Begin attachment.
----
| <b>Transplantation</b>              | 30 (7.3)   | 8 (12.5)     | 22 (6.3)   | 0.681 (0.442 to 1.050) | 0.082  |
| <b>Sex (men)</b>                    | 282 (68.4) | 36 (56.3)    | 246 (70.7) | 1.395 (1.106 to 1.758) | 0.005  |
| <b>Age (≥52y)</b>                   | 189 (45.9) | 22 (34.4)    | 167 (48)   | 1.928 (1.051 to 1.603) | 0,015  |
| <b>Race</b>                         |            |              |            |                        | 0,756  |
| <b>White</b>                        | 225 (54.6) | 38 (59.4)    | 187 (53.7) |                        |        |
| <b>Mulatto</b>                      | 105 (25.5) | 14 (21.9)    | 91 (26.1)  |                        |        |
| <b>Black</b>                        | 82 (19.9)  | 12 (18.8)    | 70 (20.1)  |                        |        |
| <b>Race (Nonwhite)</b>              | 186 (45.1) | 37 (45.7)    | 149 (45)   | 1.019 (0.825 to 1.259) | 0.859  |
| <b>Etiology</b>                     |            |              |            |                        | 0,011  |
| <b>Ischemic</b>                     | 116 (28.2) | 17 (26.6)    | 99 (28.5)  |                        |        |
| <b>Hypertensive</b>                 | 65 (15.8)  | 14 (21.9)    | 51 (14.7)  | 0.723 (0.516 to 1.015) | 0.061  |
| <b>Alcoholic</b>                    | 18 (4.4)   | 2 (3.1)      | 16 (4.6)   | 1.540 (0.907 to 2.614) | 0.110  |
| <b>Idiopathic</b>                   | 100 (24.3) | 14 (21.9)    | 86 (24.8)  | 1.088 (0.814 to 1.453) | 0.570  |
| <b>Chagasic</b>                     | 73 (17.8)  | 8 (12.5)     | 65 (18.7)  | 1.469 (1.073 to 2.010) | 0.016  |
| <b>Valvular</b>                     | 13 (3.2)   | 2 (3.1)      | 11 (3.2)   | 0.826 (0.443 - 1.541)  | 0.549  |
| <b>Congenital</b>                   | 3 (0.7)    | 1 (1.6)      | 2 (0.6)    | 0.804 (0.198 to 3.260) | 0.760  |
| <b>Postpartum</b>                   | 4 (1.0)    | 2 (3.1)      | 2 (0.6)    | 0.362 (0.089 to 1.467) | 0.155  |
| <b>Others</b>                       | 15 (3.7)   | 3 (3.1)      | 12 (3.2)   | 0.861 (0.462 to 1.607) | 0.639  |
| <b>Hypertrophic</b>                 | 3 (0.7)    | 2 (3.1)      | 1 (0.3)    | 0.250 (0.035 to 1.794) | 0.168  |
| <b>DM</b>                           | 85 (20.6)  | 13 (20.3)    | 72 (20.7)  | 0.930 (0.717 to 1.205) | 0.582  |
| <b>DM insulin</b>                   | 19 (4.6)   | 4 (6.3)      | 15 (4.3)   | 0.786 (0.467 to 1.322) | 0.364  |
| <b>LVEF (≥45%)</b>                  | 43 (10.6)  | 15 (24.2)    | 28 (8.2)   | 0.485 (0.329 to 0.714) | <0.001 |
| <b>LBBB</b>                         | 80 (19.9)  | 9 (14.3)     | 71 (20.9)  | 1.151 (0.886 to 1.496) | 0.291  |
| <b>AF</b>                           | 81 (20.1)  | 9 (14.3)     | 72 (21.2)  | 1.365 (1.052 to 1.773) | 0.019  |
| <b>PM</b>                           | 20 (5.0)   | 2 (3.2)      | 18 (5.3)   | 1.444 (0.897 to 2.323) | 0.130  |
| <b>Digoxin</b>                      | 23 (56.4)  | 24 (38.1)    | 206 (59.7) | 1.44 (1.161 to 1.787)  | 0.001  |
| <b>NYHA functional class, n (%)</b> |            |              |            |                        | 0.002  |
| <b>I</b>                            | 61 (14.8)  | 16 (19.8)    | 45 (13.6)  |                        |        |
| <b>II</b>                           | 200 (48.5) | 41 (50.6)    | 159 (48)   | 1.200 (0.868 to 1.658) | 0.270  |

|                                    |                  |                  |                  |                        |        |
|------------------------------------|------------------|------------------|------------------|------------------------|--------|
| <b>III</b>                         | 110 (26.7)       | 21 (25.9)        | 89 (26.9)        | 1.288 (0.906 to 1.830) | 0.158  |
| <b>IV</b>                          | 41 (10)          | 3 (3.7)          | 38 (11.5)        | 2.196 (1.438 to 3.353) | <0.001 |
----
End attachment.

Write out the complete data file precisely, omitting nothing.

| <b>Transplantation</b>              | 30 (7.3)   | 8 (12.5)     | 22 (6.3)   | 0.681 (0.442 to 1.050) | 0.082  |
| <b>Sex (men)</b>                    | 282 (68.4) | 36 (56.3)    | 246 (70.7) | 1.395 (1.106 to 1.758) | 0.005  |
| <b>Age (≥52y)</b>                   | 189 (45.9) | 22 (34.4)    | 167 (48)   | 1.928 (1.051 to 1.603) | 0,015  |
| <b>Race</b>                         |            |              |            |                        | 0,756  |
| <b>White</b>                        | 225 (54.6) | 38 (59.4)    | 187 (53.7) |                        |        |
| <b>Mulatto</b>                      | 105 (25.5) | 14 (21.9)    | 91 (26.1)  |                        |        |
| <b>Black</b>                        | 82 (19.9)  | 12 (18.8)    | 70 (20.1)  |                        |        |
| <b>Race (Nonwhite)</b>              | 186 (45.1) | 37 (45.7)    | 149 (45)   | 1.019 (0.825 to 1.259) | 0.859  |
| <b>Etiology</b>                     |            |              |            |                        | 0,011  |
| <b>Ischemic</b>                     | 116 (28.2) | 17 (26.6)    | 99 (28.5)  |                        |        |
| <b>Hypertensive</b>                 | 65 (15.8)  | 14 (21.9)    | 51 (14.7)  | 0.723 (0.516 to 1.015) | 0.061  |
| <b>Alcoholic</b>                    | 18 (4.4)   | 2 (3.1)      | 16 (4.6)   | 1.540 (0.907 to 2.614) | 0.110  |
| <b>Idiopathic</b>                   | 100 (24.3) | 14 (21.9)    | 86 (24.8)  | 1.088 (0.814 to 1.453) | 0.570  |
| <b>Chagasic</b>                     | 73 (17.8)  | 8 (12.5)     | 65 (18.7)  | 1.469 (1.073 to 2.010) | 0.016  |
| <b>Valvular</b>                     | 13 (3.2)   | 2 (3.1)      | 11 (3.2)   | 0.826 (0.443 - 1.541)  | 0.549  |
| <b>Congenital</b>                   | 3 (0.7)    | 1 (1.6)      | 2 (0.6)    | 0.804 (0.198 to 3.260) | 0.760  |
| <b>Postpartum</b>                   | 4 (1.0)    | 2 (3.1)      | 2 (0.6)    | 0.362 (0.089 to 1.467) | 0.155  |
| <b>Others</b>                       | 15 (3.7)   | 3 (3.1)      | 12 (3.2)   | 0.861 (0.462 to 1.607) | 0.639  |
| <b>Hypertrophic</b>                 | 3 (0.7)    | 2 (3.1)      | 1 (0.3)    | 0.250 (0.035 to 1.794) | 0.168  |
| <b>DM</b>                           | 85 (20.6)  | 13 (20.3)    | 72 (20.7)  | 0.930 (0.717 to 1.205) | 0.582  |
| <b>DM insulin</b>                   | 19 (4.6)   | 4 (6.3)      | 15 (4.3)   | 0.786 (0.467 to 1.322) | 0.364  |
| <b>LVEF (≥45%)</b>                  | 43 (10.6)  | 15 (24.2)    | 28 (8.2)   | 0.485 (0.329 to 0.714) | <0.001 |
| <b>LBBB</b>                         | 80 (19.9)  | 9 (14.3)     | 71 (20.9)  | 1.151 (0.886 to 1.496) | 0.291  |
| <b>AF</b>                           | 81 (20.1)  | 9 (14.3)     | 72 (21.2)  | 1.365 (1.052 to 1.773) | 0.019  |
| <b>PM</b>                           | 20 (5.0)   | 2 (3.2)      | 18 (5.3)   | 1.444 (0.897 to 2.323) | 0.130  |
| <b>Digoxin</b>                      | 23 (56.4)  | 24 (38.1)    | 206 (59.7) | 1.44 (1.161 to 1.787)  | 0.001  |
| <b>NYHA functional class, n (%)</b> |            |              |            |                        | 0.002  |
| <b>I</b>                            | 61 (14.8)  | 16 (19.8)    | 45 (13.6)  |                        |        |
| <b>II</b>                           | 200 (48.5) | 41 (50.6)    | 159 (48)   | 1.200 (0.868 to 1.658) | 0.270  |

|                                    |                  |                  |                  |                        |        |
|------------------------------------|------------------|------------------|------------------|------------------------|--------|
| <b>III</b>                         | 110 (26.7)       | 21 (25.9)        | 89 (26.9)        | 1.288 (0.906 to 1.830) | 0.158  |
| <b>IV</b>                          | 41 (10)          | 3 (3.7)          | 38 (11.5)        | 2.196 (1.438 to 3.353) | <0.001 |